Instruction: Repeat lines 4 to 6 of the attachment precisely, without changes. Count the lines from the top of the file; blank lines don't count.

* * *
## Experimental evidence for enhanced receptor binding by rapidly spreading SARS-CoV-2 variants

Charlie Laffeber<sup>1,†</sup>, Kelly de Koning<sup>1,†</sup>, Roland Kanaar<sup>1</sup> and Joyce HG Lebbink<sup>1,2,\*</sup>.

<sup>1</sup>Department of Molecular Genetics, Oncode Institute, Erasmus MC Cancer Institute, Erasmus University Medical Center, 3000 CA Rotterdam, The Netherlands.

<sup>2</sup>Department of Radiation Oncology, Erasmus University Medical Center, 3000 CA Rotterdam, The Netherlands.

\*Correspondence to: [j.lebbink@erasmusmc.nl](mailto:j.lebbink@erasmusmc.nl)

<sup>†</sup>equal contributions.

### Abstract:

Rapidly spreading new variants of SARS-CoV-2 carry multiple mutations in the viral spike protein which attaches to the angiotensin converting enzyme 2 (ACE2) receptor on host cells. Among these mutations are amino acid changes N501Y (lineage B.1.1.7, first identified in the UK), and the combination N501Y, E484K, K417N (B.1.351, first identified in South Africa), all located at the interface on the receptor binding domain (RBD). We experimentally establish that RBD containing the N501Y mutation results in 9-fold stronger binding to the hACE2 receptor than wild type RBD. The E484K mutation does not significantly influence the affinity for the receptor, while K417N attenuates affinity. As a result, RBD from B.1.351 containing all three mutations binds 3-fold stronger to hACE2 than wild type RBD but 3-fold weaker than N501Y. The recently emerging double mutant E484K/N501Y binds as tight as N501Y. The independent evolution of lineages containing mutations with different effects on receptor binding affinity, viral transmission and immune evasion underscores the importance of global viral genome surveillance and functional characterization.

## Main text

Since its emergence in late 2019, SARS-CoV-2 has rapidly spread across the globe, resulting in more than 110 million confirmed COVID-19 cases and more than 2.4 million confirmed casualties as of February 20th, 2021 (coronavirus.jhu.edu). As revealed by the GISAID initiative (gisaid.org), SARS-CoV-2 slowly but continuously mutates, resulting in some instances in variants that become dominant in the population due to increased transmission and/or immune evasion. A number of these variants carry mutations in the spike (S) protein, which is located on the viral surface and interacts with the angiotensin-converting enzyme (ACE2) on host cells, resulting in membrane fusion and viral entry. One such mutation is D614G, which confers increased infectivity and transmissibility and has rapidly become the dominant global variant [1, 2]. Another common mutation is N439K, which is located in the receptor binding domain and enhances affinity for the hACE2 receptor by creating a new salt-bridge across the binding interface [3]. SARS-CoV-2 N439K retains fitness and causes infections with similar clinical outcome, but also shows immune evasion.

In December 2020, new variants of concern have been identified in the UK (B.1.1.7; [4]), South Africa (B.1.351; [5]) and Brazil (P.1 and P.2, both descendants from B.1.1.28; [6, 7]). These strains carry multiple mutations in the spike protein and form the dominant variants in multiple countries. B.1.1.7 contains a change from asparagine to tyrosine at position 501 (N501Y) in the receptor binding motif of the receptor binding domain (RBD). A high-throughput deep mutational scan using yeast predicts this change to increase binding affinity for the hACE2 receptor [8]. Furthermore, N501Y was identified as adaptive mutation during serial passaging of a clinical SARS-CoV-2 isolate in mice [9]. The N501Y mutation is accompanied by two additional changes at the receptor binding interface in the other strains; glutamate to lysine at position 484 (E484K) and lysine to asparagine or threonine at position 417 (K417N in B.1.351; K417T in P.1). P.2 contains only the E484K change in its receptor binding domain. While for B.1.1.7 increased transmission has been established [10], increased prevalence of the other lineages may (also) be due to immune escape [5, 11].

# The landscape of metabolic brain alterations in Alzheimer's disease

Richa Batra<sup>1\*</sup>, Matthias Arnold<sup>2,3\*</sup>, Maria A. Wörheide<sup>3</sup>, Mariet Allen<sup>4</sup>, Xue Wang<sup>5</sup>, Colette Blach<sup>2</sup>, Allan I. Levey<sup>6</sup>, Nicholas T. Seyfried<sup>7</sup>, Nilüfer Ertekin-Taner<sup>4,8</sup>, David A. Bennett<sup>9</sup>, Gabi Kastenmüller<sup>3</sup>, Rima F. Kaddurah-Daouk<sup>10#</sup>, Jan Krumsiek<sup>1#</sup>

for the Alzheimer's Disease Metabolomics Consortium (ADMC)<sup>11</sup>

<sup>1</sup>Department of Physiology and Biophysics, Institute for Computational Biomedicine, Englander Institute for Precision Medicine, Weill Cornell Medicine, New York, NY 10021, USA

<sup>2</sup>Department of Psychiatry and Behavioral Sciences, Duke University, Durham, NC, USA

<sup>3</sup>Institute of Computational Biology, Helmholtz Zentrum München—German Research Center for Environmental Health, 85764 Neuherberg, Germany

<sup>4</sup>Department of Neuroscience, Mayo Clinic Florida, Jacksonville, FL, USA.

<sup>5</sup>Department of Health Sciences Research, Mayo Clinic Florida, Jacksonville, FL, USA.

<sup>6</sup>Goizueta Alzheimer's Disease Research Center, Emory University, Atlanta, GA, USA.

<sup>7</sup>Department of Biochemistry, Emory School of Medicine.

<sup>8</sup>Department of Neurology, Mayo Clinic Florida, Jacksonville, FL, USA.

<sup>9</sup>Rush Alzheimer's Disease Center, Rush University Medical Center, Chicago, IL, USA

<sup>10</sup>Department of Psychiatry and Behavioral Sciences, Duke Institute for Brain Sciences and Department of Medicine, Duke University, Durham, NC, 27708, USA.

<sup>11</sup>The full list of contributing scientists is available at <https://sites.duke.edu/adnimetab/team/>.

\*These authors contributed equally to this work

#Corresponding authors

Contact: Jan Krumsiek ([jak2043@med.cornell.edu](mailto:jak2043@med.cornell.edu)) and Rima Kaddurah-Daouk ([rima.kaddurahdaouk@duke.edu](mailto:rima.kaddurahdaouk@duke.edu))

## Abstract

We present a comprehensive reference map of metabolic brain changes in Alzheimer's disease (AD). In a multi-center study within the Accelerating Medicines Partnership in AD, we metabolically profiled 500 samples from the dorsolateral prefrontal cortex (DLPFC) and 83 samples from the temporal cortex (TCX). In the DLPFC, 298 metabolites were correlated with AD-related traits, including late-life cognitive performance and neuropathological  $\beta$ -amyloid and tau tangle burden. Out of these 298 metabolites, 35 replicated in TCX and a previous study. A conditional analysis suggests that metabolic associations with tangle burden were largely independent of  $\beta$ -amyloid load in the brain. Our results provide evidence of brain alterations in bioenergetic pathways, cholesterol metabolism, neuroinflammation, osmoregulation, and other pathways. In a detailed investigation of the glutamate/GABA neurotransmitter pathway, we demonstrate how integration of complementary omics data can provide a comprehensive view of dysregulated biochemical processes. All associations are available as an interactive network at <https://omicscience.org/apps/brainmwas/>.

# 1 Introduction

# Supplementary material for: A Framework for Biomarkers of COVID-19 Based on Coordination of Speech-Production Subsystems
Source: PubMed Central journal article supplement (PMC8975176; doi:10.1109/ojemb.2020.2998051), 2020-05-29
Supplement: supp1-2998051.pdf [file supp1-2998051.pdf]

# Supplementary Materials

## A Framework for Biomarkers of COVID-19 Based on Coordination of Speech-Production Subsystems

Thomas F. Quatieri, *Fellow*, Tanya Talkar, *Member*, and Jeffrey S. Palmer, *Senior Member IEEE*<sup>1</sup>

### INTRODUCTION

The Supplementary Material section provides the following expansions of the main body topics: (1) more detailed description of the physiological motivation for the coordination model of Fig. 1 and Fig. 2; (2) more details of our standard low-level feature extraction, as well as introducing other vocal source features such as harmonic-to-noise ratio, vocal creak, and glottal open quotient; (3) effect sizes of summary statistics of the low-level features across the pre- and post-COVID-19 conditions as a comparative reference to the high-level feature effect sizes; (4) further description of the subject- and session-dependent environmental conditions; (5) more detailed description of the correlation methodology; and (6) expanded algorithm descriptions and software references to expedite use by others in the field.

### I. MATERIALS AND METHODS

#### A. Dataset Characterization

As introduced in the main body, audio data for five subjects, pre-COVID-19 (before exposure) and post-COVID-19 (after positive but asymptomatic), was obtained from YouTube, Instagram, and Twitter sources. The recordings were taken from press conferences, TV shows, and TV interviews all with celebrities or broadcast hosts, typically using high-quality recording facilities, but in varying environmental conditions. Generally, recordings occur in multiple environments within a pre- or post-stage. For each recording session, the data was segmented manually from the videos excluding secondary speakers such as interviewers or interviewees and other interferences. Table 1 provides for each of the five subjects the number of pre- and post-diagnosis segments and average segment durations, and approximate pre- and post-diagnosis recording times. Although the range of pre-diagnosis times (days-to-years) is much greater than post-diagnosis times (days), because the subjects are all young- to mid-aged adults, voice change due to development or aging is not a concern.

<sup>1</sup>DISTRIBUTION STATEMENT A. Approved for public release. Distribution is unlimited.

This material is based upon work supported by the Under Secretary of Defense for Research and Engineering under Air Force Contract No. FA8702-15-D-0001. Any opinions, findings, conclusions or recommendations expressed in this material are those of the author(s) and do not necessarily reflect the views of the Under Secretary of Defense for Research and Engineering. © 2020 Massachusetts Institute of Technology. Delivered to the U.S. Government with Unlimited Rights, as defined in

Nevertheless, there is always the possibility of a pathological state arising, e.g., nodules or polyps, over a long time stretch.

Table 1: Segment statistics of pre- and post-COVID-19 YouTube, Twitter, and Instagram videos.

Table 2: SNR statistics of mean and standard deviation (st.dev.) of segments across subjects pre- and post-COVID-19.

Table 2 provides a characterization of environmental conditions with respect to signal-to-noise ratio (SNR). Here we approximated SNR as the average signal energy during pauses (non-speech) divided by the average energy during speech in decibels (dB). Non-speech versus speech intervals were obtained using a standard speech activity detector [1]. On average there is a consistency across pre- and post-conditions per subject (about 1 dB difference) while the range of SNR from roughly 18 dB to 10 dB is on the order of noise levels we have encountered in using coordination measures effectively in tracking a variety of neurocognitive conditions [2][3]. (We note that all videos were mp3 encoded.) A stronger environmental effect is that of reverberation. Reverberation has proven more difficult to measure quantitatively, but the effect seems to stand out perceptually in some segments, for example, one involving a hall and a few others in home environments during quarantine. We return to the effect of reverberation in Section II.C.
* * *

<sup>2</sup>Department of Radiation Oncology, Erasmus University Medical Center, 3000 CA Rotterdam, The Netherlands.

\*Correspondence to: [j.lebbink@erasmusmc.nl](mailto:j.lebbink@erasmusmc.nl)

<sup>†</sup>equal contributions.